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If you love science, join thousands of Aussies on the March for Science

“Science belongs to everyone. It should be pursued for the benefit of all people and for the health of the environment we depend upon.”

That’s the ethos driving the upcoming Marches for Science taking place across the country.

Spurred on by the revelation that all references to climate change have been removed from the White House website, scientists and science lovers around the world have planned to march for science, with approximately 400 marches in 44 countries – and counting. There are Australian marches planned in Sydney, Melbourne, Brisbane, Perth, Adelaide, Canberra, Townsville, Hobart and Launceston.

4 pillars driving the March

A spokesperson for March for Science Australia explained to Techly that the march was intended to “champion science, and push for science to be taken more seriously”. Support for this pervades the entire scientific community, as Australia’s Chief Scientist, Alan Finkel, believes that global science is under threat in the current climate of scientific censorship.

Concepts which have been considered absolutes for years – and held in high esteem by both the scientific community and general public – have recently come under baseless criticism. These absolutes include the effectiveness of wind turbines and renewables, the benefits of vaccinations, and belief in climate change.

The March for Science has four primary objectives:

  • To improve the literacy of all Australians – “we enthusiastically contribute our time and expertise to helping children and students of all ages engage with the physical universe and biological world.”
  • To encourage open communication. Publication of scientific research, and discussion of that research, is essential to progress.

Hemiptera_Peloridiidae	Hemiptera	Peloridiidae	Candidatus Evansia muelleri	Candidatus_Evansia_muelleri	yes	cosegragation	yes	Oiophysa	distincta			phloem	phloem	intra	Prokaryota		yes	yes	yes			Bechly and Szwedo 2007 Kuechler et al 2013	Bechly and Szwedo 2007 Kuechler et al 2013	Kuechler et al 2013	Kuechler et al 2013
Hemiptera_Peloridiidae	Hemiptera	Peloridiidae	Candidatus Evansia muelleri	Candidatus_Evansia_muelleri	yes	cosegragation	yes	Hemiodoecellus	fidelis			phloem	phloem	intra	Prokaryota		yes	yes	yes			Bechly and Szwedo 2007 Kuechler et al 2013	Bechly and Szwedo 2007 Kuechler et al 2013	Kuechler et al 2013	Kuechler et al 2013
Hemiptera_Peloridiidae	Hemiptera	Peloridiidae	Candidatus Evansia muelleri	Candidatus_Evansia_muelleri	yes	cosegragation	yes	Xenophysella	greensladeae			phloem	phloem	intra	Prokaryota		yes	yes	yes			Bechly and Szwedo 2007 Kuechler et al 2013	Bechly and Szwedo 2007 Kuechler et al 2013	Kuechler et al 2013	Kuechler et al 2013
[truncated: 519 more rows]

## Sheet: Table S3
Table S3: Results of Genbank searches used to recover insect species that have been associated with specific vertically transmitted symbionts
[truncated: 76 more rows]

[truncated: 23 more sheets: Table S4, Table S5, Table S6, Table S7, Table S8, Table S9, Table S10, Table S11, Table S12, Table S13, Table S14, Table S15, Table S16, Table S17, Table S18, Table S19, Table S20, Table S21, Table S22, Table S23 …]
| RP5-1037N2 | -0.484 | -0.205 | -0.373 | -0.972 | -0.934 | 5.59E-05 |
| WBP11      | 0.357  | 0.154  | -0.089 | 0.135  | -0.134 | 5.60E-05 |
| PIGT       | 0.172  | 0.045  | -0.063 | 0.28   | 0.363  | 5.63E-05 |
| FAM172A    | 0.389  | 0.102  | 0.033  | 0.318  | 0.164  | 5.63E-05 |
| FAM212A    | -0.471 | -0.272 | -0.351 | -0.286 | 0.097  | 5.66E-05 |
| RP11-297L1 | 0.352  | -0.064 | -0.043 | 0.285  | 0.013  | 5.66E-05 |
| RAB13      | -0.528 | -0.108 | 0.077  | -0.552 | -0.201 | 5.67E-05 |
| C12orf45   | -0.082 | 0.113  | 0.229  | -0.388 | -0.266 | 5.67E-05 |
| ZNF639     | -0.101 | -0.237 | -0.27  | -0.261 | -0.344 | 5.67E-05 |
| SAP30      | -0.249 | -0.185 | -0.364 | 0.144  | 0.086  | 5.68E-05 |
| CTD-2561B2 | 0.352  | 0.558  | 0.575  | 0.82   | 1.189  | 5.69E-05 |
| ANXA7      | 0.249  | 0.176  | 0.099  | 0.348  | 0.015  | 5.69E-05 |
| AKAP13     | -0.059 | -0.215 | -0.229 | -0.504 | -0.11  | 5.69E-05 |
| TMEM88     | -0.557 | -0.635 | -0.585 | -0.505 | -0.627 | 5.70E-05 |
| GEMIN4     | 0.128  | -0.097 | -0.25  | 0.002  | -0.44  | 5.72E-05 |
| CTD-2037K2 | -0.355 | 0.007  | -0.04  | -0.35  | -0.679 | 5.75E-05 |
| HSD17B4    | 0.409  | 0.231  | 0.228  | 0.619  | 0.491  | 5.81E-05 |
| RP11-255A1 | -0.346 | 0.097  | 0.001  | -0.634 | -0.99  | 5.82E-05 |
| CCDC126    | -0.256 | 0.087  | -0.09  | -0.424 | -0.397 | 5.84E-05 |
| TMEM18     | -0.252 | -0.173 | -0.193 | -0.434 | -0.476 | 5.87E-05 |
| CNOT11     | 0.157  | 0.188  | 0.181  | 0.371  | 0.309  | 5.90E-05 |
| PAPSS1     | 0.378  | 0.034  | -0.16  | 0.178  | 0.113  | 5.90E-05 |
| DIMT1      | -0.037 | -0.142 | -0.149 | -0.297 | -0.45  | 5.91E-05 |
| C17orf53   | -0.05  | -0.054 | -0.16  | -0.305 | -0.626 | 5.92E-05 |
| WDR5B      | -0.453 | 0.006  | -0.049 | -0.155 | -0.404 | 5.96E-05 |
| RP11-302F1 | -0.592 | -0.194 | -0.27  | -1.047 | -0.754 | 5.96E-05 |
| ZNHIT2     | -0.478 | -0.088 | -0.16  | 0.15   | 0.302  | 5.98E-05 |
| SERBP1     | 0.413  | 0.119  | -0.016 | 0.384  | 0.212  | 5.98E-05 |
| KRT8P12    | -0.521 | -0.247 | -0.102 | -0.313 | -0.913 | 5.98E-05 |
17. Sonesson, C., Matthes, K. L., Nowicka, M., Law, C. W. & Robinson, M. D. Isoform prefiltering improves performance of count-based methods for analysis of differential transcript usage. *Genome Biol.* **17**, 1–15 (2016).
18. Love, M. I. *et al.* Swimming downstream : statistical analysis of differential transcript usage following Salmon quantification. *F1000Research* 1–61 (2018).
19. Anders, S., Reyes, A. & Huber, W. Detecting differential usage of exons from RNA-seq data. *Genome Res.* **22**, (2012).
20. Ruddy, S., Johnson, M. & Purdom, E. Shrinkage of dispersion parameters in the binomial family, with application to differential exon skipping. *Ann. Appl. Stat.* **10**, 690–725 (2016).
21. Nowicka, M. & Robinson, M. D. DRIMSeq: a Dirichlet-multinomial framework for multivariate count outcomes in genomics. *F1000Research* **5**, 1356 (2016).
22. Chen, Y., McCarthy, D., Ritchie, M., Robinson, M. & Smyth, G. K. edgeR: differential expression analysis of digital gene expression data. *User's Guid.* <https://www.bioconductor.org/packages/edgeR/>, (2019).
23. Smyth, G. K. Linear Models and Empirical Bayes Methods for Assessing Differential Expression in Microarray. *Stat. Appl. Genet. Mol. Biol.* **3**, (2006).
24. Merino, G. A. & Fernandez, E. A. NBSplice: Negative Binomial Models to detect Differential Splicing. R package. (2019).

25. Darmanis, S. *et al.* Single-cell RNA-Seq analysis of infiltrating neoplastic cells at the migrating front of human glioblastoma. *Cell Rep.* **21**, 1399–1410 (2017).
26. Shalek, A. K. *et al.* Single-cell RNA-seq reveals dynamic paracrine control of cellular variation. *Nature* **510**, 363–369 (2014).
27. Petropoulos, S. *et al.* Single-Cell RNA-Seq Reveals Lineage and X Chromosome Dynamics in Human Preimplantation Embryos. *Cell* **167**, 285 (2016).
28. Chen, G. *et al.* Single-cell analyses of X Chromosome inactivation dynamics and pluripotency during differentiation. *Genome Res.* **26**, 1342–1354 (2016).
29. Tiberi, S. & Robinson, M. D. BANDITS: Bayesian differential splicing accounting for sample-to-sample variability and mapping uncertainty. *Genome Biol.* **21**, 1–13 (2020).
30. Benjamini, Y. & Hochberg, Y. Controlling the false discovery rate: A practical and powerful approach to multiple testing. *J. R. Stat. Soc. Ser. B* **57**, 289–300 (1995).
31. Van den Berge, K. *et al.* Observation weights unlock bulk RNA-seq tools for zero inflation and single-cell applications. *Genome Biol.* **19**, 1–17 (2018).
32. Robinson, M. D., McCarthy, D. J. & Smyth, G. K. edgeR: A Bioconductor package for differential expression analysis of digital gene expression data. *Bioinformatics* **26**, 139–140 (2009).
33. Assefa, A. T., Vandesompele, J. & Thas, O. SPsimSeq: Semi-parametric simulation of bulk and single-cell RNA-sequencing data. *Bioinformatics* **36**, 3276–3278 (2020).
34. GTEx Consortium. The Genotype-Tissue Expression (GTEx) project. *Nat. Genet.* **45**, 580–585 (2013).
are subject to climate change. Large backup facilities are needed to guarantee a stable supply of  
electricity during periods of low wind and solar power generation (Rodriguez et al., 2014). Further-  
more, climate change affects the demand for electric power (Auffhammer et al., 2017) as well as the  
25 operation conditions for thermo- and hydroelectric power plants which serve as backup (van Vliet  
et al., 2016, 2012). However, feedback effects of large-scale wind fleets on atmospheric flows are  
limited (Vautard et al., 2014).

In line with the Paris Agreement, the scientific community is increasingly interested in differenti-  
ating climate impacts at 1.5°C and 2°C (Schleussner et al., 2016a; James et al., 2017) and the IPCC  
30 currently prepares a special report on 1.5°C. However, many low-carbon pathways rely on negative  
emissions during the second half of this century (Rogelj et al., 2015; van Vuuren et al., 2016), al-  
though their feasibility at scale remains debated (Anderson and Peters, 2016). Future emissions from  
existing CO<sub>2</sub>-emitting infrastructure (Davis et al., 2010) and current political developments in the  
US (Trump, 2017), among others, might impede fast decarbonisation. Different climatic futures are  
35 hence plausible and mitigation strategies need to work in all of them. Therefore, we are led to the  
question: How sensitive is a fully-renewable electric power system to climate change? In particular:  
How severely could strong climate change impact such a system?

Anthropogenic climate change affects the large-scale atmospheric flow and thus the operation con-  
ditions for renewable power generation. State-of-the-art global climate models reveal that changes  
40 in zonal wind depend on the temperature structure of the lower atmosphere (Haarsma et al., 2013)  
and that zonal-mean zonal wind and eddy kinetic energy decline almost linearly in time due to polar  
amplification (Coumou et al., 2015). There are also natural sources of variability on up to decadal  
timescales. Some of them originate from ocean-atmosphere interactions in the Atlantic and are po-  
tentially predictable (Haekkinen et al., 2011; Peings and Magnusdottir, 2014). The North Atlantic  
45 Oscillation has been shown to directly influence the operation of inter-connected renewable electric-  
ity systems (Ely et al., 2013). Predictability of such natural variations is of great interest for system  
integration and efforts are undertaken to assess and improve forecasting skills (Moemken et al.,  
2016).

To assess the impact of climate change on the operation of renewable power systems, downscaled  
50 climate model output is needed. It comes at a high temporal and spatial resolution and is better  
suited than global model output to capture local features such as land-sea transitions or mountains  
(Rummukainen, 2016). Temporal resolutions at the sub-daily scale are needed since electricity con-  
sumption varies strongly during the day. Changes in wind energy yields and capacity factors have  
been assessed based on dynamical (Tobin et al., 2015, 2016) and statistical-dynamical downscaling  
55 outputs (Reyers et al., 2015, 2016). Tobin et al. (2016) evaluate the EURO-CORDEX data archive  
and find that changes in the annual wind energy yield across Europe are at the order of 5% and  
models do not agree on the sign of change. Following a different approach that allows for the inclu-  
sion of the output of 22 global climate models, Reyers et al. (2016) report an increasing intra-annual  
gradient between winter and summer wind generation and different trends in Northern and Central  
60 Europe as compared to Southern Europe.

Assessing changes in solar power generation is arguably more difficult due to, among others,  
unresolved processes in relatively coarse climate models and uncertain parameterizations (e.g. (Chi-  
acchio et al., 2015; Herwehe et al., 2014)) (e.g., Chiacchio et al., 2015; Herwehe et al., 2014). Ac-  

• To encourage stable investment in science. When the future of a project is shaky, it can be difficult to do the best job possible. According to Conversation article, “In 2015, Commonwealth government funding for research and development dropped to the lowest it had ever been at just 0.4% of GDP. This placed Australia near the bottom of a list of 18 OECD countries, behind Portugal, Russia and Greece, but ahead of just Slovakia and Spain.”
  • To create informed policy through evidence-based science – “Public policy must enable scientists to communicate their publicly-funded research results, and must support literacy in science, technology, engineering, and mathematics”
  • The March for Science will be held across all Australian states on 22 April. Head over to the site to find the closest march to you and get involved!

    Oh, and the organisation stresses that it’s a march “for science, not scientists”, so everyone is welcome.

    We have a date!

    Posted by March for Science Australia on Sunday, 5 February 2017

    About the author

    Larissa is Techly’s Assistant Editor. She watches so much Youtube that she’s narrowed down her favourite categories – goats, innocent dads getting pranked, and toddlers falling over.

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